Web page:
do a rap and video. This was very successful. Finally, young female musicians were given coverage.
They received much publicity on the national radio, TV, and newspaper. Their CDs were distributed
throughout Croatia and Europe, and can be found on MP3 format on the internet.”
* This story from Croatia was part of a list-serve dialogue on Women and Media coordinated by UNDP during the Beijing plus 5
preparations; for more information contact firstname.lastname@example.org.
246 The Action Guide for Advocacy and Citizen Participation
17. Checklist for an Effective News Conference 13
Rationale ___ Case studies and stories
___ A big, newsworthy story ___ Fact sheets
___ New information relating to a big story being ___ Biography and photos of speakers, and copies of
followed by the news media speeches
___ A statement by an important figure on a controver- ___ Pictures
sial issue ___ B-roll (broadcast quality video background footage)
___ Participation of high profile speakers ___ Consider putting all of the materials together into
___ Release of important new findings one “press kit”
___ Launch of a major new initiative
___ Announcement of something important locally
___ Keep an up-to-date mailing list of journalists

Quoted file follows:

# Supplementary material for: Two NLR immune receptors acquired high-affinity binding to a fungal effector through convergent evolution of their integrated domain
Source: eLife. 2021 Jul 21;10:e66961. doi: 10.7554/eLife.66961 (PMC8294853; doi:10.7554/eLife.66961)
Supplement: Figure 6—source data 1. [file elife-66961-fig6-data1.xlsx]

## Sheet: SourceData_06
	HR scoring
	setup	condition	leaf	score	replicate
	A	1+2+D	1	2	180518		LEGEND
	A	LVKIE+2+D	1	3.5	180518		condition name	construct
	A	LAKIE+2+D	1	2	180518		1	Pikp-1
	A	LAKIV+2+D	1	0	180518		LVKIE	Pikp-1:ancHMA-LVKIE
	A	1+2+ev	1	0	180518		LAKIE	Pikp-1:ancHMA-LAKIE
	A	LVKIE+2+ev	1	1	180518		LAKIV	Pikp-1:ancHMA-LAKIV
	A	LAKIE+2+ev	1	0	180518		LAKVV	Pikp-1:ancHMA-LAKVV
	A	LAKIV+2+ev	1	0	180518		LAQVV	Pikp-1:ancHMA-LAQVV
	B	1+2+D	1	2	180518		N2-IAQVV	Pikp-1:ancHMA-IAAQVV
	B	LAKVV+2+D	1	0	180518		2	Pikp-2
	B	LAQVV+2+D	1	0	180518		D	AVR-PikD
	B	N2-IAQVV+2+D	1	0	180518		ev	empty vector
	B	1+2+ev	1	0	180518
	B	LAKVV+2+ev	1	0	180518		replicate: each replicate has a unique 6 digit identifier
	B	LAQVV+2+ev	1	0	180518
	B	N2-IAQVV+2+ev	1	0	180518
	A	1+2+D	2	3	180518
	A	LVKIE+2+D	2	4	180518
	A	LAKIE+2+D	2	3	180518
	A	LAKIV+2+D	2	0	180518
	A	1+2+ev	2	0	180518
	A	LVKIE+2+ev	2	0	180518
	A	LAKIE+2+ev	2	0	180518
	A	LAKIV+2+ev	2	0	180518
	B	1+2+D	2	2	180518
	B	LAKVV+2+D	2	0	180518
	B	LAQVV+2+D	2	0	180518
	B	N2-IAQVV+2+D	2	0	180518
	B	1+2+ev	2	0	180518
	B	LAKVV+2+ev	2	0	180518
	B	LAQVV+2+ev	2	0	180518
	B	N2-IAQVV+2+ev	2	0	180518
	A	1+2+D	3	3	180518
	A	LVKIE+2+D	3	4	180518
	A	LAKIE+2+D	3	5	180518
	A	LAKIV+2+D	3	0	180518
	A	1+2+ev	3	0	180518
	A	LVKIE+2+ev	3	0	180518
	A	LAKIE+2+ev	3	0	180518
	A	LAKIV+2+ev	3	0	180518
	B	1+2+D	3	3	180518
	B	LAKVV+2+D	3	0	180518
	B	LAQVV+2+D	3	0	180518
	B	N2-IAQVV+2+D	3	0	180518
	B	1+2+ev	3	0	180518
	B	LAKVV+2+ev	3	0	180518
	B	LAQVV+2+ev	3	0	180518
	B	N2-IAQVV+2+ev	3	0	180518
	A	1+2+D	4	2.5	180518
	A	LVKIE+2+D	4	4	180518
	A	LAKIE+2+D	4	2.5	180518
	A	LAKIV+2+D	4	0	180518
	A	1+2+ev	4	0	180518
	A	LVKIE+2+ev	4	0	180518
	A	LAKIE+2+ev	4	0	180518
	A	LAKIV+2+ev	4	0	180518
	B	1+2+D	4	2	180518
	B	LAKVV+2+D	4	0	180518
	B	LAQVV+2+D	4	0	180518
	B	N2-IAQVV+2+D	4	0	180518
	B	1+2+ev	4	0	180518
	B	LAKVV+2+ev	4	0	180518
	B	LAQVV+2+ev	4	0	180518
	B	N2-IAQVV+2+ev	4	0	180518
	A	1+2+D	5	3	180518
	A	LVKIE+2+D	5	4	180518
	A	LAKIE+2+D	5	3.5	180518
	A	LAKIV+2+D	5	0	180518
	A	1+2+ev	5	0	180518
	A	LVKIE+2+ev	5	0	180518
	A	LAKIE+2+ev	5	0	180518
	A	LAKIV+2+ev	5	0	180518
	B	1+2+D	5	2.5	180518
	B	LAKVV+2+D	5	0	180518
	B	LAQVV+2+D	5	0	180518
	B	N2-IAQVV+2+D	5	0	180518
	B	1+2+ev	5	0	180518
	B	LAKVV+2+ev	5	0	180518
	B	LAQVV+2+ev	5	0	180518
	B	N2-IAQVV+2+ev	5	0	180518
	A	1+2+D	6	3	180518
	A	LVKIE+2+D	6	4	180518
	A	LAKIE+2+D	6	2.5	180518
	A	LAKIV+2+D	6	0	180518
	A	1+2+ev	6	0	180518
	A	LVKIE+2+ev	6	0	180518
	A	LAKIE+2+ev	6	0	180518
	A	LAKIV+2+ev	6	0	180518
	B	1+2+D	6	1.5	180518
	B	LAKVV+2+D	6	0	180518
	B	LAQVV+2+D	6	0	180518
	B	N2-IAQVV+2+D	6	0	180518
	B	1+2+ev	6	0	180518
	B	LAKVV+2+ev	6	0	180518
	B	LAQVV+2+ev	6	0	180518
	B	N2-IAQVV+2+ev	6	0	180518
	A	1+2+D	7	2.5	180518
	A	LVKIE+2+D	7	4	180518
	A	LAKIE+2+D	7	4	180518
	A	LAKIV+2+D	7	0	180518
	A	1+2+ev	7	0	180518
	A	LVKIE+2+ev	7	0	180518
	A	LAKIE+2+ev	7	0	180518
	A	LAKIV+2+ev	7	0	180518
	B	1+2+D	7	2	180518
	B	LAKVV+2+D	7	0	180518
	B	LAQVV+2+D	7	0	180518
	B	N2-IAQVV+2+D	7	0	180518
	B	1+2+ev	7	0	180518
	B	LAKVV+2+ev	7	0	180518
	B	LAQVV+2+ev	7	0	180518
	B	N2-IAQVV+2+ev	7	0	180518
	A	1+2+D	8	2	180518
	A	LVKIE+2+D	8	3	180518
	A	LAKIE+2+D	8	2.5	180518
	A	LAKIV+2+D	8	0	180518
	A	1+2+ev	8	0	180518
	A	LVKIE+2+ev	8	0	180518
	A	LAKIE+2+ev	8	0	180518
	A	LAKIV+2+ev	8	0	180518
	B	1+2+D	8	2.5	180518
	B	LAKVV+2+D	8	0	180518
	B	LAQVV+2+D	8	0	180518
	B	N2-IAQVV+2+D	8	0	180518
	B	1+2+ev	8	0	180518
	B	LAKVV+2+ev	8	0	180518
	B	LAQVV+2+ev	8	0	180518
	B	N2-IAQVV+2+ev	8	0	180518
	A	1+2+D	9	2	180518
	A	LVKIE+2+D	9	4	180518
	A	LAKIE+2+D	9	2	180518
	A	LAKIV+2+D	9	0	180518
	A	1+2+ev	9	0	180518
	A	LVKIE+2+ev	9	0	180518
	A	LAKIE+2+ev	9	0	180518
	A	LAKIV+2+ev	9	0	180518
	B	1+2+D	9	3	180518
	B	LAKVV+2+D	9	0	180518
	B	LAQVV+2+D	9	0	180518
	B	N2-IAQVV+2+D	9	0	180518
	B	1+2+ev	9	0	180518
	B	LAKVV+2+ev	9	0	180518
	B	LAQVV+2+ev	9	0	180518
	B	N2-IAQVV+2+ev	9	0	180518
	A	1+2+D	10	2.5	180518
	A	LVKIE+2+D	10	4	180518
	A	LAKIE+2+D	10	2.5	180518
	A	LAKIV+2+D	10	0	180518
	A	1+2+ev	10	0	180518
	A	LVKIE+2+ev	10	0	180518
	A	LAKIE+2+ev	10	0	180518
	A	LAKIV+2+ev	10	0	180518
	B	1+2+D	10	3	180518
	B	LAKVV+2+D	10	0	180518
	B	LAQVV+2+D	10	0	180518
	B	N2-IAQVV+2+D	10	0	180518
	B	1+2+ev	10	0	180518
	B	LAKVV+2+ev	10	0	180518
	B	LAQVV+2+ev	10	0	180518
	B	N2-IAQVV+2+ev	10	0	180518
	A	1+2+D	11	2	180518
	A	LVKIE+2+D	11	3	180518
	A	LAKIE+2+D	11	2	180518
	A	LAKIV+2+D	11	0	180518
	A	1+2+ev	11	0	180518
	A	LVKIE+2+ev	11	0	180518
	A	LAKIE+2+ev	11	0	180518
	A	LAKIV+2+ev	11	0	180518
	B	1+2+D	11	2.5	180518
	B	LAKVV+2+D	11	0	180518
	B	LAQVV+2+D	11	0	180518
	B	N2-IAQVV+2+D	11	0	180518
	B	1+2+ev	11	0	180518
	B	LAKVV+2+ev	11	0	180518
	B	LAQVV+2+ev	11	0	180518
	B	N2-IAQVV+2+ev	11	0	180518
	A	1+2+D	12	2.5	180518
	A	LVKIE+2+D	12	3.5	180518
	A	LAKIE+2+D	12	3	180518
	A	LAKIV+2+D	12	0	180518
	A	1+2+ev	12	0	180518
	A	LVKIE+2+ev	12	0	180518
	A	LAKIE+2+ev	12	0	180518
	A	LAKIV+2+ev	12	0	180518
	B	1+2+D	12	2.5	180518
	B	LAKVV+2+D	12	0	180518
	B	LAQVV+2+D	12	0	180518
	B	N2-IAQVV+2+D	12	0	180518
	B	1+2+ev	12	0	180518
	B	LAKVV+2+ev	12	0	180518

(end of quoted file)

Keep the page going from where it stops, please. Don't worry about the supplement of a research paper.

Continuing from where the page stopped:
Location and Set Up ___ Make sure you know who the relevant journalists
for your issue are
___ A central, well known location, convenient for
journalists, and appropriate to the event ___ Focus on getting the most influential media to
___ Avoid large rooms that give the appearance that
few people attended ___ Remember to invite foreign media
___ Make sure the noise level of the room is low ___ Inform journalists of the event at least a week
before the day
___ Reserve space at the back of the room for televi-
sion cameras, possibly on a raised platform ___ Make a follow up call to check that the right journal-
ist received the invitation
___ Reserve a quiet room for radio interviews following
the news conference ___ Build interest for the event without giving out the
___ Ensure light and sound systems are in working
order ___ Consider offering “exclusive” angles to key media
___ If possible, have fax, phone and email available
___ Make sure there is a podium and a table long
enough for all spokespeople to sit behind ___ Select speakers who are articulate and authorita-
___ Consider displaying large visuals, such as images, tive
logos or charts ___ Brief speakers carefully on the message of the
___ Have a “sign in” sheet for journalists event
___ Consider serving coffee, tea and light snacks ___ Prepare speakers in advance on how to answer
following the event difficult questions
___ Ideally, each speaker should present for only three
Timing or four minutes
___ Make sure that each speaker makes one or two
___ Hold the event in the morning or early afternoon of important points. Try to get speakers to make
a workday, or with enough time for reporters to different points
___ Keep speeches simple and non-technical, aimed at
___ Check that you are not competing with other a general audience
important events on the same day
___ Select a moderator who will manage questions
___ Start on time - don’t keep journalists waiting from the floor after the presentation
___ If you distribute materials beforehand, use an ___ Encourage questions and keep answers short